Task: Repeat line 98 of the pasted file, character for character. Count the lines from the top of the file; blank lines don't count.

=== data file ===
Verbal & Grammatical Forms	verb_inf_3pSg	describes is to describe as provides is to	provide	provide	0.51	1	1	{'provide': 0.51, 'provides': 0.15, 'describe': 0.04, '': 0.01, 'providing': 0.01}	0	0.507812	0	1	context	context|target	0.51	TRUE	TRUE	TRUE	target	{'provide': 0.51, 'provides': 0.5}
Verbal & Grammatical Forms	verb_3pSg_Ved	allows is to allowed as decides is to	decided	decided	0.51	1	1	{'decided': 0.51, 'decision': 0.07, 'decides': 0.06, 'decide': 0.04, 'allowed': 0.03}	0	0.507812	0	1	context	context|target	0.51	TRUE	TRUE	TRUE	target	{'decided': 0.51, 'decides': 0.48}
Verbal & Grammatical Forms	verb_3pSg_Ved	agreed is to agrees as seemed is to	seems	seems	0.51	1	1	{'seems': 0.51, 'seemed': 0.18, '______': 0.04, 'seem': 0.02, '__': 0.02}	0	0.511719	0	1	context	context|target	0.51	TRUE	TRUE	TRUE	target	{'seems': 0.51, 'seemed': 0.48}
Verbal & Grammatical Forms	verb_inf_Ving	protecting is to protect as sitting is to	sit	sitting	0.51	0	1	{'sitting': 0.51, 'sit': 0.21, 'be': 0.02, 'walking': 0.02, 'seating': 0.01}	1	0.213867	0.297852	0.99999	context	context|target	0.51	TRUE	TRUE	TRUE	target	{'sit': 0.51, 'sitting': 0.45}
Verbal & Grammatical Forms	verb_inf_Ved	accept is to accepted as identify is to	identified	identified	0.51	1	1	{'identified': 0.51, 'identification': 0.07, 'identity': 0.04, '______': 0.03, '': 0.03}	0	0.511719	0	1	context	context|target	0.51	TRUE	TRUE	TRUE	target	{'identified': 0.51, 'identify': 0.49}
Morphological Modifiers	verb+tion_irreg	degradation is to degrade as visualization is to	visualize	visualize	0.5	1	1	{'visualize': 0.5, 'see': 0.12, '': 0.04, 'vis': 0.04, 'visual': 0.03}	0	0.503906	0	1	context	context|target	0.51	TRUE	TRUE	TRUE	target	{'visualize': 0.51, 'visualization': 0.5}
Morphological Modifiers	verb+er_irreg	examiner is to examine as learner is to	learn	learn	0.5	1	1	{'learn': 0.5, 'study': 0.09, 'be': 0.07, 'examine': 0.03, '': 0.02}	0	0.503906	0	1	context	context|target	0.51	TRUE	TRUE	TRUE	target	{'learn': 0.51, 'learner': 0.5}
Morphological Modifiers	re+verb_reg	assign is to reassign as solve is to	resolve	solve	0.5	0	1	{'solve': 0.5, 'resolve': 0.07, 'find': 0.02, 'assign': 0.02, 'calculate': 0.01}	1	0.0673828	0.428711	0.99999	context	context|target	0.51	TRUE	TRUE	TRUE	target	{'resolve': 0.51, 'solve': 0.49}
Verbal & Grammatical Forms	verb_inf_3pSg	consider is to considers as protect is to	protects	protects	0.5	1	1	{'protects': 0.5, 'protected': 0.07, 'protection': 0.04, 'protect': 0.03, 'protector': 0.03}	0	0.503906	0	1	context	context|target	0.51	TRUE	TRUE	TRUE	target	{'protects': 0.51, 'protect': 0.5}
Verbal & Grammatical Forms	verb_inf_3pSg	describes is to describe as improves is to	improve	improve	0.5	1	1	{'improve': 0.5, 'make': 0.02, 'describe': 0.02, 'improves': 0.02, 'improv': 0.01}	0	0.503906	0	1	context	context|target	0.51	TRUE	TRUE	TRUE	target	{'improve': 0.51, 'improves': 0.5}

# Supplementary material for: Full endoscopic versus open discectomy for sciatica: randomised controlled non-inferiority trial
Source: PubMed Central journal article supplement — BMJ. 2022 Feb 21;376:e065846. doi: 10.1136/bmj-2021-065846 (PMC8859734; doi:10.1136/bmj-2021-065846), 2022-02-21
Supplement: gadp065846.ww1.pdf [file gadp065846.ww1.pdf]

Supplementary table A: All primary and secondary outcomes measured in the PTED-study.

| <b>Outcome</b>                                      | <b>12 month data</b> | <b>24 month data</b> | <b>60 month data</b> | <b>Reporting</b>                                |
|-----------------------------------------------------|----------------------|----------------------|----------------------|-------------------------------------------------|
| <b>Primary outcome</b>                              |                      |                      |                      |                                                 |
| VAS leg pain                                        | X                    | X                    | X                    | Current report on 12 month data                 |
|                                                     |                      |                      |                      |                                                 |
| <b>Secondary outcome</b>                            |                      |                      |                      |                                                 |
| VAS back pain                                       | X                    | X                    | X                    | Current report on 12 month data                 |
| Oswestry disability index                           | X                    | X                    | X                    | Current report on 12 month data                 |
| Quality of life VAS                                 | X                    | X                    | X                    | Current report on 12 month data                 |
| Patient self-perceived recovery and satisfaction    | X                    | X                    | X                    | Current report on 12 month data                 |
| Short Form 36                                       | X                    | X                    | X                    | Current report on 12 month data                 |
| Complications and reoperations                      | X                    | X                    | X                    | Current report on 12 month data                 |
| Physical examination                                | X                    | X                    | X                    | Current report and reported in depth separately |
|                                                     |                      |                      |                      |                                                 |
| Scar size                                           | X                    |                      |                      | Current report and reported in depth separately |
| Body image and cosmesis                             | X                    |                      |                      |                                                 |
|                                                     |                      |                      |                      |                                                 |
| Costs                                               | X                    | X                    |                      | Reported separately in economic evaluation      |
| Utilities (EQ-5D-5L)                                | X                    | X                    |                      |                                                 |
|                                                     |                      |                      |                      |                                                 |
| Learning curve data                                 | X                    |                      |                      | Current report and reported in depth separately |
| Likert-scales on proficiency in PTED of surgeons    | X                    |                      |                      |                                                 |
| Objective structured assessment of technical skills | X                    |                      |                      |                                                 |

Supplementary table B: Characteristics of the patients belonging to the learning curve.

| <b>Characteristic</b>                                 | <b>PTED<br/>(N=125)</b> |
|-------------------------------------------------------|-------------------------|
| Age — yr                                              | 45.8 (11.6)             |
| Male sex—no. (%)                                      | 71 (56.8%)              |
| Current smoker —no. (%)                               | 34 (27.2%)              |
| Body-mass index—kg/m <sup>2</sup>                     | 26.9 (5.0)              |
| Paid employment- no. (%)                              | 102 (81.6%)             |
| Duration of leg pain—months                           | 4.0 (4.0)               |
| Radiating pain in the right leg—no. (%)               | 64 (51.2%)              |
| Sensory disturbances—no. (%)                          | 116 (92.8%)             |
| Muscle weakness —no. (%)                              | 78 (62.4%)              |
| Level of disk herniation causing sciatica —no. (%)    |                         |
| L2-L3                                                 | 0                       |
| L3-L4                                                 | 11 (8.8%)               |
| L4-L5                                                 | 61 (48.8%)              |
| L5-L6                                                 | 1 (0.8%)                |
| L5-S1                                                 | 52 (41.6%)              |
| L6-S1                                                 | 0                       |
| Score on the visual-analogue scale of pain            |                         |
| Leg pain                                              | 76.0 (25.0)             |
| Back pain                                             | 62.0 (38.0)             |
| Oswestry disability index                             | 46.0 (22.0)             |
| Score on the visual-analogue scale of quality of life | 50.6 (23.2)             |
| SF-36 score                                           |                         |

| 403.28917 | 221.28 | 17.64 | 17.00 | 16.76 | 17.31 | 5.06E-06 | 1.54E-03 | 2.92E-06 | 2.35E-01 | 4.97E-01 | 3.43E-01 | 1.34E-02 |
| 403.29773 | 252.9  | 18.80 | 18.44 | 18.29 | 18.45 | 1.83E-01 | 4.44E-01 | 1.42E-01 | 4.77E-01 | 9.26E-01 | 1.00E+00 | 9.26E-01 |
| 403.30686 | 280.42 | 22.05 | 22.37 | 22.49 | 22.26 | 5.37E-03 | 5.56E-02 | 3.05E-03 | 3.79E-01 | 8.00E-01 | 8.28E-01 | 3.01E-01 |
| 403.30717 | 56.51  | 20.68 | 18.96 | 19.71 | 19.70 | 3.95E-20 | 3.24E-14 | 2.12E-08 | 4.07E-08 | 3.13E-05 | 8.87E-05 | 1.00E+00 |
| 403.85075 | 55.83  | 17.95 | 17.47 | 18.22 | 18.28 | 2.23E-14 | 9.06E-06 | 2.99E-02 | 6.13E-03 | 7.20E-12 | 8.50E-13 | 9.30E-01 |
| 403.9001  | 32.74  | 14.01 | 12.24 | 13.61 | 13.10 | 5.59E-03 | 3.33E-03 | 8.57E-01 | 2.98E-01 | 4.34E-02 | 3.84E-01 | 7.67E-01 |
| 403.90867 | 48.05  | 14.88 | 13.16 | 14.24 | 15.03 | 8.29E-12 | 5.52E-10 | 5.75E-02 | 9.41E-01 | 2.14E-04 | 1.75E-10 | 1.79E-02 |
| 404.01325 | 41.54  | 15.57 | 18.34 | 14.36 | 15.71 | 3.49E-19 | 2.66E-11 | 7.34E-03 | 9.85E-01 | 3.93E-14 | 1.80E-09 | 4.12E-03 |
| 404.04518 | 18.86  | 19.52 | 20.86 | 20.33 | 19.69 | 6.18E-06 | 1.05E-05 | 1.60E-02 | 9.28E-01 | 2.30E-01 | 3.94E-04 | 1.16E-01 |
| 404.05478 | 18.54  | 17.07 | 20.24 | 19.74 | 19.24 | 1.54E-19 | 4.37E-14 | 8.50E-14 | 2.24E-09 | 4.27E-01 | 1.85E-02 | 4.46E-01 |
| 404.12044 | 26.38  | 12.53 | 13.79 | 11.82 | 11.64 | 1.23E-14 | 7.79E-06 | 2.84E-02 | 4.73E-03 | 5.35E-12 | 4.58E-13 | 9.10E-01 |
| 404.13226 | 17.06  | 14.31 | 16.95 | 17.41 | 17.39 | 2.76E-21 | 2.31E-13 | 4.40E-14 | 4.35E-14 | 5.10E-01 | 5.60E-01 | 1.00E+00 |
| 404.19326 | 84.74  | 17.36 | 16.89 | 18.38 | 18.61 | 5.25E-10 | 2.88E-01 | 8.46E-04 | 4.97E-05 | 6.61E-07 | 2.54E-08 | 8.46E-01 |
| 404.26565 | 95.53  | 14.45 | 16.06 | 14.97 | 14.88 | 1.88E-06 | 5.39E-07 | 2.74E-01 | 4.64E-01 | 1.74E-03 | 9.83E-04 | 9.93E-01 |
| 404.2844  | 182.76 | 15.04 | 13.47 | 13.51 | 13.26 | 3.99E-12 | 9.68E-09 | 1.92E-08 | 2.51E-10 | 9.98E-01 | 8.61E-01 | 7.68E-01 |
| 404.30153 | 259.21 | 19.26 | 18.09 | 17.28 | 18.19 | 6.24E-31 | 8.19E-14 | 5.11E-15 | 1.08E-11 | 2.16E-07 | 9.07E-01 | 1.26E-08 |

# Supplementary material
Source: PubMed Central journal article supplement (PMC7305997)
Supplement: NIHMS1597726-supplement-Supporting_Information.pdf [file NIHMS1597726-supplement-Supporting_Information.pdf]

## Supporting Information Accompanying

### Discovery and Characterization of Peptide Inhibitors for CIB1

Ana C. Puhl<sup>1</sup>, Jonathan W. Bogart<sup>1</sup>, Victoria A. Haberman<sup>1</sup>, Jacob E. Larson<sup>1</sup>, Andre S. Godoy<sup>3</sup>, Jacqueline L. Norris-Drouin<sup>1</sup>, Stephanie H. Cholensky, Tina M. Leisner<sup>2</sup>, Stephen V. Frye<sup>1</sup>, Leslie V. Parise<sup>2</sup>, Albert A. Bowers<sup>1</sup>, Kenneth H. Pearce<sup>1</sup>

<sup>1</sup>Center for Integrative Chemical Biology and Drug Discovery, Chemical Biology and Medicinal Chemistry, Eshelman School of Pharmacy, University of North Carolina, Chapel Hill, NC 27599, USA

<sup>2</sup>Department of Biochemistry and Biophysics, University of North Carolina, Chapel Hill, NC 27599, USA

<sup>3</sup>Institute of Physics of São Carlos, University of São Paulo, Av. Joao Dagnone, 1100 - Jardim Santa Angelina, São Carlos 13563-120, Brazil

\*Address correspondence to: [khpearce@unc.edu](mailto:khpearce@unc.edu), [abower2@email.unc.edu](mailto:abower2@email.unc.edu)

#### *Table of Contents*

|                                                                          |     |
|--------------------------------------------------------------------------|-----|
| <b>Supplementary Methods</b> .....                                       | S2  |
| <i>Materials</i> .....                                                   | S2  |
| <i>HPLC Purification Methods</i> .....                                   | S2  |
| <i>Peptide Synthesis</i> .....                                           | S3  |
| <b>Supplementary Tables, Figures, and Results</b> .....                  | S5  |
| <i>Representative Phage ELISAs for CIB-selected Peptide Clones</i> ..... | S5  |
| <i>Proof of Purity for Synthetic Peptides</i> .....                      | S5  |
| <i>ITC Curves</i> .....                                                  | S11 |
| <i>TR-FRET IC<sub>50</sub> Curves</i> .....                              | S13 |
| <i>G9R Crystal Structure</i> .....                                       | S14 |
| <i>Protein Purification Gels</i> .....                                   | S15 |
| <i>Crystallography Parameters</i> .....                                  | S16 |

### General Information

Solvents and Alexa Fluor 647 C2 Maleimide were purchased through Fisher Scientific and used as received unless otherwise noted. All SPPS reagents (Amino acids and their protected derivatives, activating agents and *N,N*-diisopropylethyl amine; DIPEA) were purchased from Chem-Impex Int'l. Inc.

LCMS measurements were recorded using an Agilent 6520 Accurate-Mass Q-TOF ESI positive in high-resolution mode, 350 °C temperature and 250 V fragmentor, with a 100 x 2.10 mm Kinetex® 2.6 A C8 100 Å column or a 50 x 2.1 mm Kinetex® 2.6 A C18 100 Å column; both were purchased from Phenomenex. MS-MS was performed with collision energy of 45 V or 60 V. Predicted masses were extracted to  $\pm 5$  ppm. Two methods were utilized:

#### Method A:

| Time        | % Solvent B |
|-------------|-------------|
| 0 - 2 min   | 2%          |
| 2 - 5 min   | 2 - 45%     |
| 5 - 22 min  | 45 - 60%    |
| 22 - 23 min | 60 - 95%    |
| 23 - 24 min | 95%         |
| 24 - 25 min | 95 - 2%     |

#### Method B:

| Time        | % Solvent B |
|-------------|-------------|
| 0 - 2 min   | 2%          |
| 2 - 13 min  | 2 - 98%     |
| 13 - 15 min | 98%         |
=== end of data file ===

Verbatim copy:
| <i>Proof of Purity for Synthetic Peptides</i> .....                      | S5  |